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Group shot of people in the mountains

Back Up Multi-Activity Course

By Jane Sowerby

The Lake District is one of my favourite places in the UK, and Back Up is one of my favourite charities. So how could combining the two not make me happy? Back Up organise several multi-activity courses each year, working in partnership with the Calvert Trust based in Keswick. These are rehabilitative courses, generally for newly injured people with a spinal cord injury. There are always two group leaders – one able-bodied and one wheelchair user. When they asked me to lead this one I jumped at the chance.

The group stay in purpose built accommodation for the week, in the stunning countryside close to Keswick. There’s even a brand new sensory swimming pool - with different coloured lights and music that can be heard underwater. Not necessarily as medically beneficial for us as for other disabilities (i.e. autism, visual impairment), but enjoyable nonetheless! 

One of the challenges for a group leader is to ensure the group gels, and that each participant benefits from the experience as much as possible. It was a very mixed group, with people from different backgrounds as well as different levels of spinal cord injury. It’s important to prevent anyone from feeling isolated if they’re not particularly confident in social situations. We started the week with a few ice breaking sessions just to make everyone feel relaxed and start getting to know each other. 

For many on the course, this was the first physical activity they’d done since their injury. It’s an action packed week so keeping an eye on people to make sure they’re not too exhausted was important. The Calvert Trust instructors did a great job at organising an exciting schedule. We took part in sailing, canoeing, handcycling, abseiling, archery and climbing to name but a few. 

On the first day, after the previous evening of settling in, we had a trek to the top of Latrigg fell. Quite a few of the wheelchair users found this a daunting prospect. It’s a very tough push up to the summit, over rough terrain. It’s a great way to get the group to bond though. Most of the buddies there to help on the course didn’t have any knowledge of spinal injury or wheelchairs, so this activity meant they could learn how best to assist. Each wheelchair user had different physical abilities, so it was important for them to vocalise how much assistance they required. The incredible view down the valley of Borrowdale from the summit made all the hard work worthwhile. “Lying in my hospital bed, I thought I’d never be able to get to a place like this ever again” was one of the most rewarding statements heard.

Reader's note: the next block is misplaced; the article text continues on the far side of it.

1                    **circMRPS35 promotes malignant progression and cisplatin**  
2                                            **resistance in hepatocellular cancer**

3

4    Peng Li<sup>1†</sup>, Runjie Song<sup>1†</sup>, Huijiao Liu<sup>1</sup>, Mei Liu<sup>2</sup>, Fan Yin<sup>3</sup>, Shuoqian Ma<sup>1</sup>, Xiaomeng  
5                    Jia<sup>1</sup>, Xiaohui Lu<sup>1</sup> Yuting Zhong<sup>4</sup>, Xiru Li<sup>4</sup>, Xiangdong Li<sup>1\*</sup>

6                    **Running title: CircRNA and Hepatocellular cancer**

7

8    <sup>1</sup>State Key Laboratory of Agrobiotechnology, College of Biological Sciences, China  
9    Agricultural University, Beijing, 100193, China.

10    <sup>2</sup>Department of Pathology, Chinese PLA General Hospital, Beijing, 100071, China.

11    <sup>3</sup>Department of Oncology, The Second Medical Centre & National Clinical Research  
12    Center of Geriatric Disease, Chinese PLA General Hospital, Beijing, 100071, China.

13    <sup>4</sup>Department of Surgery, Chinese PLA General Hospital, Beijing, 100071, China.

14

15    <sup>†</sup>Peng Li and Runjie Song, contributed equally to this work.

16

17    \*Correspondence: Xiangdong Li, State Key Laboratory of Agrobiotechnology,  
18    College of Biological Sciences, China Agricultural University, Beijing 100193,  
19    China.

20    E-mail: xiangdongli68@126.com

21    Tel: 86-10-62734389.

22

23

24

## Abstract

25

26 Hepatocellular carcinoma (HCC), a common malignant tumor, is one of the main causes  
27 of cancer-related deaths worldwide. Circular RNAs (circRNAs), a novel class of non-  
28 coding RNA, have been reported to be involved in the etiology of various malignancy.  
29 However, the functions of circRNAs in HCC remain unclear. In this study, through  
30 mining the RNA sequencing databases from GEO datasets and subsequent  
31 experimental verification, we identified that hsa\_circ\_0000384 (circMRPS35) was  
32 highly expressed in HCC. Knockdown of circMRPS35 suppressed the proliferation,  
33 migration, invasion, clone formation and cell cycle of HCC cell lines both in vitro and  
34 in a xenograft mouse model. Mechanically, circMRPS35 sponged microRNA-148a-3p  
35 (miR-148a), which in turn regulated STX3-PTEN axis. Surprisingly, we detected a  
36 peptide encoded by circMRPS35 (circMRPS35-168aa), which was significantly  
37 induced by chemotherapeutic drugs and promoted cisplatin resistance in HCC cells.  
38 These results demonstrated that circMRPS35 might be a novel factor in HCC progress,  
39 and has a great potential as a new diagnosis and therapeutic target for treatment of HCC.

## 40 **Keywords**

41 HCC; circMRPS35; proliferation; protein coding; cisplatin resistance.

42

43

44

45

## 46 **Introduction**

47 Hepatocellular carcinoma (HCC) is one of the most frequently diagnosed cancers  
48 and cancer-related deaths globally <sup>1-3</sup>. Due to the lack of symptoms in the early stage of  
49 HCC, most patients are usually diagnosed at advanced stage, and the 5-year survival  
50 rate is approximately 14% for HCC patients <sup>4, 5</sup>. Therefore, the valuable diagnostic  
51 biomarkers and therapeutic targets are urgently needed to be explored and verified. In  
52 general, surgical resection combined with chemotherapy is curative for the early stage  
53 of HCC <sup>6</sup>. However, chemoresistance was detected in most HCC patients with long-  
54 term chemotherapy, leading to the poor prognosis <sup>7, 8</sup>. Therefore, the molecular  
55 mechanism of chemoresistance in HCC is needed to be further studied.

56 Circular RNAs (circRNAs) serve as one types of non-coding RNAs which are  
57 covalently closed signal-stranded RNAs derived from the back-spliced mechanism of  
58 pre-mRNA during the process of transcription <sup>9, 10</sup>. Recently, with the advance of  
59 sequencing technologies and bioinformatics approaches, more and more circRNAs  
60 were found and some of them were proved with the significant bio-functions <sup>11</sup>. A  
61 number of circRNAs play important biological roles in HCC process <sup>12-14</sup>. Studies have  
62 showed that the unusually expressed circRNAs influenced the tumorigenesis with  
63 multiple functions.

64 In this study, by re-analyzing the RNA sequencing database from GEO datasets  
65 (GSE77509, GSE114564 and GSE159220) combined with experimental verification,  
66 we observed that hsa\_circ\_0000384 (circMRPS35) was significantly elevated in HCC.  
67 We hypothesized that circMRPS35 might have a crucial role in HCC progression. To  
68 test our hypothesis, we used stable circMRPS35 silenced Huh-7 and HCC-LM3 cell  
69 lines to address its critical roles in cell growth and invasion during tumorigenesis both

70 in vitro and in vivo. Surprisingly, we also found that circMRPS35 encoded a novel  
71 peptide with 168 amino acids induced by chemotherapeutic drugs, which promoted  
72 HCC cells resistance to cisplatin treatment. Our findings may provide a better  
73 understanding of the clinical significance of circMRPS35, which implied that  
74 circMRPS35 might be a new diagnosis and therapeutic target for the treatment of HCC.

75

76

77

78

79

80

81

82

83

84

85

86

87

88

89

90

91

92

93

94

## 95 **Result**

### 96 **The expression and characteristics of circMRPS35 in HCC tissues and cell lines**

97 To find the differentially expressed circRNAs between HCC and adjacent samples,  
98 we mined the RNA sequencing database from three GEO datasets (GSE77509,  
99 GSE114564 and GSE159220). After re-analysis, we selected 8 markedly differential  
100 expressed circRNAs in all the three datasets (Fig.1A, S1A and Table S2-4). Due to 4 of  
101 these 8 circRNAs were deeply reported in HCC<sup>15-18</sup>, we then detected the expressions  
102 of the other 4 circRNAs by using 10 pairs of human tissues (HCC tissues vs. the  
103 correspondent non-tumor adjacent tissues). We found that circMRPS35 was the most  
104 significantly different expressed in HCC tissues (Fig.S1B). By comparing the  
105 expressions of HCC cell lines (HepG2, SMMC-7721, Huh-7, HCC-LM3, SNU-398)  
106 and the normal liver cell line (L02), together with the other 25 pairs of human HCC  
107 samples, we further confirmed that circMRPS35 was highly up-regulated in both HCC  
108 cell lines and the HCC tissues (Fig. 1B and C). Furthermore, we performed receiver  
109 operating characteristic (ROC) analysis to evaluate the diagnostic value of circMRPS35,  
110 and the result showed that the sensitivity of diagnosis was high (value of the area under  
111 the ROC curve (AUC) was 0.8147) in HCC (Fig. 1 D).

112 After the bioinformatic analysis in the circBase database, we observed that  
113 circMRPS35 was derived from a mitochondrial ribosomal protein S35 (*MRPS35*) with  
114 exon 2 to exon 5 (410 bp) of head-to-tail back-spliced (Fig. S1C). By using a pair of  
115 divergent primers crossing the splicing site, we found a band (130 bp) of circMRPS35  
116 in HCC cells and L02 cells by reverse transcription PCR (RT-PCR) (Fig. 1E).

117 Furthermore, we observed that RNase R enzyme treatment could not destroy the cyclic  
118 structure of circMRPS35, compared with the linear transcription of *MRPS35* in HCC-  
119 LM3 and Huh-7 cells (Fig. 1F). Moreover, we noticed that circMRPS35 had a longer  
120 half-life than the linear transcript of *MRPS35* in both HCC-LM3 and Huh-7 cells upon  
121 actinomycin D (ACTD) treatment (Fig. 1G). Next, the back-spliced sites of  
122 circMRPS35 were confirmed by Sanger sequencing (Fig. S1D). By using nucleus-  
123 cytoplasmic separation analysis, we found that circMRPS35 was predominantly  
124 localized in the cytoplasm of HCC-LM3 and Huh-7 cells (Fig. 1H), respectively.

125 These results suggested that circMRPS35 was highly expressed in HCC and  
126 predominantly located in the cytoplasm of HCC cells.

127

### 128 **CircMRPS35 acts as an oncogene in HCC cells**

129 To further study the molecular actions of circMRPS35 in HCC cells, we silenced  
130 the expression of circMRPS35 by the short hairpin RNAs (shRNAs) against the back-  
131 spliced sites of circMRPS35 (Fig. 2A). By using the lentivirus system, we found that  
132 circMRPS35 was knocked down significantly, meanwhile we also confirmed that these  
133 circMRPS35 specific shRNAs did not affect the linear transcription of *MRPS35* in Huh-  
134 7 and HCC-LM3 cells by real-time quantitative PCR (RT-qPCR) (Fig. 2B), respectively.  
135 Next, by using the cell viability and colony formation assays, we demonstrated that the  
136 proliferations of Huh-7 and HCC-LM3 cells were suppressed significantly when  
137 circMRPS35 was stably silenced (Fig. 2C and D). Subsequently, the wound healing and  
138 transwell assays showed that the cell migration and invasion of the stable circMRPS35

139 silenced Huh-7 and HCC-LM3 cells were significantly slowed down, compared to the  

In my opinion, the social side of the course is also extremely important. In the evenings we’d eat a meal, then have a few beers while sitting around chatting or playing pool and table tennis. One of the participants told me he had never been to the pub since his accident, and was determined to organise something with friends after the course.

In-between the Calvert Trust activities, we scheduled in as many wheelchair skills sessions as possible, tailoring some one-to-one sessions as well. Being taught by another wheelchair user who’s ‘been there and done it’ is the best way to learn skills that will help you overcome real life situations. The physical abilities of the participants differed greatly which is why we always have two wheelchair skills trainers – one paraplegic and one tetraplegic. 

One of the highlights for me is camp night, although I’m not sure all other course participants would agree! I do understand that camping is not everyone’s cup of tea, and after a spinal injury the prospect can be quite terrifying. This is exactly why it’s included in the schedule; once people have taken part in camp night they go away feeling that they can achieve almost anything. We were very lucky with the weather - the Calvert instructors said it always rained on camp night, but we were treated to a clear night sky for stargazing. 

The feedback at the end of the week was heartwarming, and the transformation in some of the participants’ attitudes and confidence was clearly visible. For some, it was just being introduced to a new activity they’d like to pursue, whereas for others it had changed their whole outlook on life. Being taken completely out of your comfort zone may not always feel great at the time, but looking back on what you’ve achieved opens your eyes to all kinds of possibilities. 

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